# 11.1: State Spaces

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Closely related to “phase spaces” are “state spaces”. While phase spaces are typically used with continuous systems, described by differential equations, state spaces are used with discrete-time systems, described by difference equations. Here the natural system is approximated by jumps from one state to the next, as described in Chapter 7, rather than by smooth transitions. While the two kinds of spaces are similar, they differ in important ways.

Inspired by the complexities of ecology, and triggered in part by Robert May’s bombshell paper of 1976, an army of mathematicians worked during the last quarter of the twentieth century to understand these complexities, focusing on discrete-time systems and state spaces. One endlessly interesting state space is the delayed logistic equation (Aronson et al. 1982), an outgrowth of the discrete-time logistic equation described in Chapter 7.

For a biological interpretation of the delayed logistic equation, let’s examine the example of live grassland biomass coupled with last year’s leaf litter. Biomass next year (Nt+1) is positively related to biomass this year (Nt), but negatively related to biomass from the previous year (Nt−1). The more biomass in the previous year, the more litter this year and the greater the inhibitory shading of next year’s growth. The simplest approximation here is that all biomass is converted to litter, a fixed portion of the litter decays each year, and inhibition from litter is linear. This is not perfectly realistic, but it has the essential properties for an example. Field data and models have recorded this kind of inhibition (Tilman and Wedin, Nature 1991).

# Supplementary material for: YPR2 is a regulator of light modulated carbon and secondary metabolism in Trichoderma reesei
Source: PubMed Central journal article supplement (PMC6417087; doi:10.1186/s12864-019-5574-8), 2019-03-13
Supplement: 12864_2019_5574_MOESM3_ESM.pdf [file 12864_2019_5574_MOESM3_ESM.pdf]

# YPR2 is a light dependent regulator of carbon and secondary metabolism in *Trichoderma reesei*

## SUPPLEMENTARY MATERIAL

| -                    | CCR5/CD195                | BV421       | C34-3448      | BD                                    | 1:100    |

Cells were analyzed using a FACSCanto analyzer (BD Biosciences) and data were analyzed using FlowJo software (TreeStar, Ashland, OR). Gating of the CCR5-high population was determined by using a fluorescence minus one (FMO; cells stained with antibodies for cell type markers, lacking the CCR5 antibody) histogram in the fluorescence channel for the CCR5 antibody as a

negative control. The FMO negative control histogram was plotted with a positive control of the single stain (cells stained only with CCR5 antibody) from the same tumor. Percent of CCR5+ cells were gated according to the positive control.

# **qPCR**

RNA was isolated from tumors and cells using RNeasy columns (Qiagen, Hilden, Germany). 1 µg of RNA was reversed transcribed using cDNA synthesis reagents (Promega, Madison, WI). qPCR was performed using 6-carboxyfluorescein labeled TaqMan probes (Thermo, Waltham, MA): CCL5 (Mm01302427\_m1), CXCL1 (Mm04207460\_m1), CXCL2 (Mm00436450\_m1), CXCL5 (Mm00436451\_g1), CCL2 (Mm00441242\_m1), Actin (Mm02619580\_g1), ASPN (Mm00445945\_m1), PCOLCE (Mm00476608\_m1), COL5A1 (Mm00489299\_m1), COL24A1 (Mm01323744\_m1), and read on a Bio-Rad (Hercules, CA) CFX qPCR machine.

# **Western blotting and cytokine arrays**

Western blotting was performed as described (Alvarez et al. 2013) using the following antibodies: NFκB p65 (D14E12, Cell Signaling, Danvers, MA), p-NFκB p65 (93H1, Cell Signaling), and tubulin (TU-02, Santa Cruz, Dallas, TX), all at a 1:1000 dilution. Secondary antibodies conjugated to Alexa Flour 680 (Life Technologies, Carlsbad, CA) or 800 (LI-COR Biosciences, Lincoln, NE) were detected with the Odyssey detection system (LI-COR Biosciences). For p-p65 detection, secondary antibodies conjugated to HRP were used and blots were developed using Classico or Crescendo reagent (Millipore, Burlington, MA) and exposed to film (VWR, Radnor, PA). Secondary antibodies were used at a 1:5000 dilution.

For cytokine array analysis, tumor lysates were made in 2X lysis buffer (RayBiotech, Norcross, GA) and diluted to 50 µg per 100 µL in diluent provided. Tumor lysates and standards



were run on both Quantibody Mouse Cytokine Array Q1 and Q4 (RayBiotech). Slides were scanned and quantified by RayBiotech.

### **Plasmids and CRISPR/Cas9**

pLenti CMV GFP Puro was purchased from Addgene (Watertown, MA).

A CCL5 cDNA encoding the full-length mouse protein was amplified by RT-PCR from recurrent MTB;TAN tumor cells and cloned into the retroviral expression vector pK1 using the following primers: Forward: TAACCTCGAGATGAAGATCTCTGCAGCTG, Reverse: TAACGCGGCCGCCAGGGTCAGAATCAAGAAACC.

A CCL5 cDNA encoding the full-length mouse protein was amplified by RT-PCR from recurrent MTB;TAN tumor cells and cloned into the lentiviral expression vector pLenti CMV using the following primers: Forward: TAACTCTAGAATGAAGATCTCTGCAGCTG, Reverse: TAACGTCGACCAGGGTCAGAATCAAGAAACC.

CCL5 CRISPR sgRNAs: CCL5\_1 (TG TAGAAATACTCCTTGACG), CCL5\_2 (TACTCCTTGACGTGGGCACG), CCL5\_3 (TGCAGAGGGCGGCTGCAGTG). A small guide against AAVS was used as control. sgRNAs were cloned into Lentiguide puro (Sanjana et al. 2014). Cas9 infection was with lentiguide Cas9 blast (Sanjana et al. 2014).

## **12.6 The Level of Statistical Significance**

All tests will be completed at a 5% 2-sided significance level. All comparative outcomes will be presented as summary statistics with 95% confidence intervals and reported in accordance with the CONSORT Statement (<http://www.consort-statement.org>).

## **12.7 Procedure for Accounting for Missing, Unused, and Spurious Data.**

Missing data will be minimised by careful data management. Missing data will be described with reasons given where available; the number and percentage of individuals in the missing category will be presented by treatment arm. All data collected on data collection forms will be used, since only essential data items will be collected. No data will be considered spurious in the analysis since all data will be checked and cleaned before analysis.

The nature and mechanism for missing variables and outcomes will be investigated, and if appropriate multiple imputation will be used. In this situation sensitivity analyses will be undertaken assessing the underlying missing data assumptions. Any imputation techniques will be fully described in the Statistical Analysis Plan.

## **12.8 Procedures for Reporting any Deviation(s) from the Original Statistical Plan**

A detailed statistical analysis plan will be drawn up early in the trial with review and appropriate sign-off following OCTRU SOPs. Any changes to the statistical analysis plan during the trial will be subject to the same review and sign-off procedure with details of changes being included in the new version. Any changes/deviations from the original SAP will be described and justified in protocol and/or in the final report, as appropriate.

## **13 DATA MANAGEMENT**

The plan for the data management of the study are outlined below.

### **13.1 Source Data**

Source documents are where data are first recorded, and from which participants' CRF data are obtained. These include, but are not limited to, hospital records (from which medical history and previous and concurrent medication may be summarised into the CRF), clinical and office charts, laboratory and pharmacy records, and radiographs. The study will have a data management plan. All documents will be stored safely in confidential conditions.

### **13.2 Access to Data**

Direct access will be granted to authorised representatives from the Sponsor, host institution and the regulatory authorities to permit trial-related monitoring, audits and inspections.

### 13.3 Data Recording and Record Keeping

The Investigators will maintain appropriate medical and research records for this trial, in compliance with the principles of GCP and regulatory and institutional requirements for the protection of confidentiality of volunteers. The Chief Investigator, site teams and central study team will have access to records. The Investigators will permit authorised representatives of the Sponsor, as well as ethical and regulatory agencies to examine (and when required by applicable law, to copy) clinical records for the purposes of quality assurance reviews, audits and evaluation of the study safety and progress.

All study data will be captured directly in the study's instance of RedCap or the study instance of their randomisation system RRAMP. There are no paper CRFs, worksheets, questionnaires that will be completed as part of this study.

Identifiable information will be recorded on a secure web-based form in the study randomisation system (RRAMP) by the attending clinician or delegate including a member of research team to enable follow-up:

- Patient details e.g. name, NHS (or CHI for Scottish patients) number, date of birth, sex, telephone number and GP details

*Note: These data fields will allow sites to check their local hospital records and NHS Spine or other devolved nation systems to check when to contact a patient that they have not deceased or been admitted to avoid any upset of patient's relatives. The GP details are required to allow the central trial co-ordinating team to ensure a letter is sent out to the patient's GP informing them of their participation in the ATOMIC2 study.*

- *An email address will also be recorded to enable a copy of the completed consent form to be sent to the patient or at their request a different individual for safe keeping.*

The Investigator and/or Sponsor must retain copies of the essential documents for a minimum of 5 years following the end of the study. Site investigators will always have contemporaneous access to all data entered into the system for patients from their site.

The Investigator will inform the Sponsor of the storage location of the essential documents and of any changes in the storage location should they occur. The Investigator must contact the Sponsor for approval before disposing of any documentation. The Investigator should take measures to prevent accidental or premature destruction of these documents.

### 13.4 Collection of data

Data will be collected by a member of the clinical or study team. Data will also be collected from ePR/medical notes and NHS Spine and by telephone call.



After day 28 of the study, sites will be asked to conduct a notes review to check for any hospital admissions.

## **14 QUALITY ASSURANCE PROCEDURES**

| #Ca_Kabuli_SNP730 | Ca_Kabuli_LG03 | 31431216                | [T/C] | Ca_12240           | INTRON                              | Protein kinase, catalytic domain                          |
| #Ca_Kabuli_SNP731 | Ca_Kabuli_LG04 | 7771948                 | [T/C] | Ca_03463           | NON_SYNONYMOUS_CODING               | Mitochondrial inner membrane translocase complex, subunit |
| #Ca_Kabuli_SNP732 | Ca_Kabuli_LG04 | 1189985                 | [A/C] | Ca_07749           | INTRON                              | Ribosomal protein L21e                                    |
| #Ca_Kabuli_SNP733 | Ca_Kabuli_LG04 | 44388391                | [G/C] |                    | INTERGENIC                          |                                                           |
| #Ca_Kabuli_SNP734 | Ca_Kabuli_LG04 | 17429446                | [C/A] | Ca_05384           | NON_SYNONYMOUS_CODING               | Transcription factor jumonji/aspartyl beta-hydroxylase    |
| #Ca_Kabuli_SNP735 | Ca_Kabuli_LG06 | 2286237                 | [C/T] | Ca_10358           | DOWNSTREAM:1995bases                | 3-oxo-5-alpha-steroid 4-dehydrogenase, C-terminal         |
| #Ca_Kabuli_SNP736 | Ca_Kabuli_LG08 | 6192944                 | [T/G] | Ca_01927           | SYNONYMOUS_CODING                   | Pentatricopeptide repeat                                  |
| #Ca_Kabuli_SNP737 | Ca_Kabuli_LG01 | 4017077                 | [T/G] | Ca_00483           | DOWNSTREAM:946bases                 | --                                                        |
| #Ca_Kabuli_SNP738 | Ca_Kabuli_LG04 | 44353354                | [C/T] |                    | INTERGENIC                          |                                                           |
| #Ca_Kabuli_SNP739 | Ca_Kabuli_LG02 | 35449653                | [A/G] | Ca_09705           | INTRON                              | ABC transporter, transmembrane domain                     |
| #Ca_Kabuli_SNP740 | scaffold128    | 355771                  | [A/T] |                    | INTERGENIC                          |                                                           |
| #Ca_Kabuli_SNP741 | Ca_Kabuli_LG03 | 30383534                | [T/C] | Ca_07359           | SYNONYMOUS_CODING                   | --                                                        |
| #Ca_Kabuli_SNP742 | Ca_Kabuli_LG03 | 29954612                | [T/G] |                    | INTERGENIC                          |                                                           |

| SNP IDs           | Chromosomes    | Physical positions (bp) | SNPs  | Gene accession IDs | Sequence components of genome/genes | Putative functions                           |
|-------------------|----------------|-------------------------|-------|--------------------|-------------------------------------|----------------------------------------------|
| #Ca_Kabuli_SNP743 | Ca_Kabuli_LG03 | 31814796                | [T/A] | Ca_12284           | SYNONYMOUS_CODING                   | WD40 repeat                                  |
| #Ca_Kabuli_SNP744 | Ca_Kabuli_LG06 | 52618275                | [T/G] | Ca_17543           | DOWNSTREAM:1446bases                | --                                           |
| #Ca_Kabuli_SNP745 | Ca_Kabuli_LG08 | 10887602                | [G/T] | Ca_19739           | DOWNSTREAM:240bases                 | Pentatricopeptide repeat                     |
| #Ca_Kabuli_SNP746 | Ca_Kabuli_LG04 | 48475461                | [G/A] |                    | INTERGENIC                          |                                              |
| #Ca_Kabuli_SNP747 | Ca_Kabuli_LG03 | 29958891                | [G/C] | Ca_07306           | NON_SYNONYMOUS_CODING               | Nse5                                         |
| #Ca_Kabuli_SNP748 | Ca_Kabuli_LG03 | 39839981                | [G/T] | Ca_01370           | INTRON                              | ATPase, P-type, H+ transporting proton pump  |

Program $$\PageIndex{1}$$. A program to compute successive points in the state space of the delayed logistic equation.

The basic equation has N1 as live biomass and N2 as accumulated leaf litter. N1 and N2 are thus not two different species, but two different age classes of a single species.

$$N_1\,(t\,+\,1)\,=\,rN_1(t)\,(1\,-\,N_2(t))$$

$$N_2\,(t\,+\,1)\,=\,N_1\,(t)\,+\,pN_2\,(t)$$

The above is a common way to write difference equations, but subtracting Ni from each side, dividing by Ni , and making p = 0 for simplicity gives the standard form we have been using.

$$\frac{1}{N_1}\frac{∆N_1}{∆t}\,=\,(r\,-\,1)\,-\,rN_2\,=\,r_1\,+\,s_{1,2}N_2$$

$$\frac{1}{N_2}\frac{∆N_2}{∆t}\,=\,-1\,+\frac{1}{N_2}\,N_1\,=\,r_2\,+\,s_{2,1}N_1$$

Notice something new. One of the coefficients, s2,1, is not a constant at all, but is the reciprocal of a dynamical variable. You will see this kind of thing again at the end of the predator–prey chapter, and in fact it is quite a normal result when blending functions (Chapter 18) to achieve a general Kolomogorov form. So the delayed logistic equation is as follows:

$$\frac{1}{N_1}\frac{∆N_1}{∆t}\,=\,r_1\,+\,s_{1,2}N_2$$

$$\frac{1}{N_2}\frac{∆N_2}{∆t}\,=\,r_2\,+\,s_{2,1}N_1$$

where r1 = r−1, r2 = −1, s1,2 = −r, and s2,1 = 1/N1. Notice also that ri with a subscript is different from r without a subscript.